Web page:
Scientists at LSU Health New Orleans’ Neuroscience Center of Excellence, led by Nicolas Bazan, MD, PhD, Boyd Professor and Director, have identified a new mechanism that regulates a protein key for cell survival. It appears to protect against the excessive oxidative stress that precedes the development of neurodegenerative diseases of the brain and eye. Results are published in the Nature journal, Cell Death & Disease, available here.

“This discovery goes beyond the commonly studied transcriptional modulation, suggesting its impact on protection against oxidative stress-related diseases and extension of lifespan,” notes Dr. Bazan, who is also the Ernest C. and Yvette C. Villere Chair for Retinal Degenerations and Bollinger Family Professor in Alzheimer’s Disease. “We found that Elovanoid-34 modulates the activity of the protein, TXNRD1, which is central to the initiation cascade of oxidative stress.”

Elovanoid-34 is part of a class of molecules in the brain discovered by the Bazan lab that synchronize cell-to-cell communication and neuroinflammation-immune activity in response to injury or disease. Elovanoids are bioactive chemical messengers made from omega-3 very long-chain polyunsaturated fatty acids. They are released on demand when cells are damaged or stressed.

Oxidative stress occurs when there is an imbalance between free radicals and antioxidant defenses to detoxify them. It can lead to cell and tissue damage and the onset of diseases.

The research team, which included scientists from the Swiss company Biognosys AG, identified the proteins affected by Elavamoid-34. Using proteomics, they screened 130,000 protein sequences corresponding to 4,749 proteins and discovered that only one changed in structure upon contact with Elovanoid-34. Researchers found that TXNRD1 is a crucial component of the antioxidant system, Glutathione, and targets a regulator of Ferroptosis, a type of cell death. This is particularly the case in Age-Related Macular Degeneration where the support cells of the photoreceptors of the light in the retina succumb to excessive oxidative stress conditions. These cells, called retinal pigment epithelial (RPE) cells, can be rescued from death by Elovanoid-34, stopping the neurodegeneration of the retina and blindness. The current study uses human RPE cells, which were developed in the Bazan lab.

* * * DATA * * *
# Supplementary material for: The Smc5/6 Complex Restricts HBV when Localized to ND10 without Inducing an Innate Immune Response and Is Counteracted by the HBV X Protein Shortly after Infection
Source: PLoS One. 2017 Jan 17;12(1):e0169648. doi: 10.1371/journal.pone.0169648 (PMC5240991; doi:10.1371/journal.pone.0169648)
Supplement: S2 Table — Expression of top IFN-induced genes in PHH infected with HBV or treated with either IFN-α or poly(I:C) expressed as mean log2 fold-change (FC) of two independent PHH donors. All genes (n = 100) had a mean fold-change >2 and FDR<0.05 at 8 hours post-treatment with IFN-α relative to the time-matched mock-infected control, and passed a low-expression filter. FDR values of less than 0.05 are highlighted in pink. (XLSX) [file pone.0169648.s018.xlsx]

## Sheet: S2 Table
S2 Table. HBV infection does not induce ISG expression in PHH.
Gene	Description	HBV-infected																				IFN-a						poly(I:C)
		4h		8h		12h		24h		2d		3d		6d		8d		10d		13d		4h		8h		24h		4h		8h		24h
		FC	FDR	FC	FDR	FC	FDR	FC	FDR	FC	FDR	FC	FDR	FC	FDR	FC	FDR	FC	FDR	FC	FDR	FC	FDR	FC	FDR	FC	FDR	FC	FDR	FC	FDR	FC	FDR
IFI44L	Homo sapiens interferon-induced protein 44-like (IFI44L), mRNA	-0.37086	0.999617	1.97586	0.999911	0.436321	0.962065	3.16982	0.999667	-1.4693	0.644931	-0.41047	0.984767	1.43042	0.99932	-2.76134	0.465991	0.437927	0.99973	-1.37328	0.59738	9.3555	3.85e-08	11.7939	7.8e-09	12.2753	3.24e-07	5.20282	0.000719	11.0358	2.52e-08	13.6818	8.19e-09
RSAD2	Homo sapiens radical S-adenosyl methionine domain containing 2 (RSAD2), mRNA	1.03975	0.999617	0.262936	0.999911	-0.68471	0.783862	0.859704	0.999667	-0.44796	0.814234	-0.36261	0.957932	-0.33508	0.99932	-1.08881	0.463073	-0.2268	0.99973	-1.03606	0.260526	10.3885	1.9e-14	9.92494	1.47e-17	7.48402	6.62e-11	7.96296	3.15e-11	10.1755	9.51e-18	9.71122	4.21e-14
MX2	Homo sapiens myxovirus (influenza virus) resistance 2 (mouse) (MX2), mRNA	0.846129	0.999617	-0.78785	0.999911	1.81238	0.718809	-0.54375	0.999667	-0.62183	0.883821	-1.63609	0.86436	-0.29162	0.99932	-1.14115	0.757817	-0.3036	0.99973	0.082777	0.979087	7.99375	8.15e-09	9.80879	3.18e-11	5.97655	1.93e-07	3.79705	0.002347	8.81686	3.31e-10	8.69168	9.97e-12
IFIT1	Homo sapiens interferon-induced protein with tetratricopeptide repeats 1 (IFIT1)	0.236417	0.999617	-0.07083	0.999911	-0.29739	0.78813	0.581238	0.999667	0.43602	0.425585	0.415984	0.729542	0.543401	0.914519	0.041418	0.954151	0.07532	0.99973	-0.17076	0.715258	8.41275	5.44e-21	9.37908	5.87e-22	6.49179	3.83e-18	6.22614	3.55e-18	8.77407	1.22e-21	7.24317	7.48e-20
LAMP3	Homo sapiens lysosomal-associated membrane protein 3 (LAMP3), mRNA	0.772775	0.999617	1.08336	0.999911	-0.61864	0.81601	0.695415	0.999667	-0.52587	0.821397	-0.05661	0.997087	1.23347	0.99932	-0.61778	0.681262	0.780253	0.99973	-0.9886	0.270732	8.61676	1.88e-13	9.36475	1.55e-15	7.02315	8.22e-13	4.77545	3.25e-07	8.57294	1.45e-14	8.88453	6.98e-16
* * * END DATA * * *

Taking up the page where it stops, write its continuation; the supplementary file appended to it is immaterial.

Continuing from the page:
“This breakthrough discovery opens new therapeutic avenues for various pathologies and the promotion of successful aging of the nervous system,” concludes Dr. Bazan.

LSU Health New Orleans Neuroscience Center co-authors also included Drs. Jorgelina Calandria, Surjyadipta Bhattacharjee, Sayantani Kala-Bhattacharjee, and Pranab K. Mukherjee. Co-authors from Biognosys AG included Yuehan Feng, Jakob Vowinckel and Tobias Treiber.

The research was supported by a grant from the National Eye Institute of the National Institutes of Health and the Eye, Ear, Nose & Throat Foundation in New Orleans.

“The present discovery opens a new dimension to understanding the complex multifactorial process of aging,” adds Dr. Bazan. “The gradual decline of functions in aging does engage excessive oxidative stress further magnified by co-morbidities such as diabetes and cardiovascular disorders. In fact, a clear connection is revealed by the present discovery because elovanoids also target neuronal cell senescence and epigenetic signaling. Overall, the protein discovered now to be a site of brain and retina (and likely other organs) protection by elovanoids opens avenues of targeted therapeutics for age-related diseases, stroke, ALS and traumatic brain injury, as well as to sustain healthy, successful aging.”

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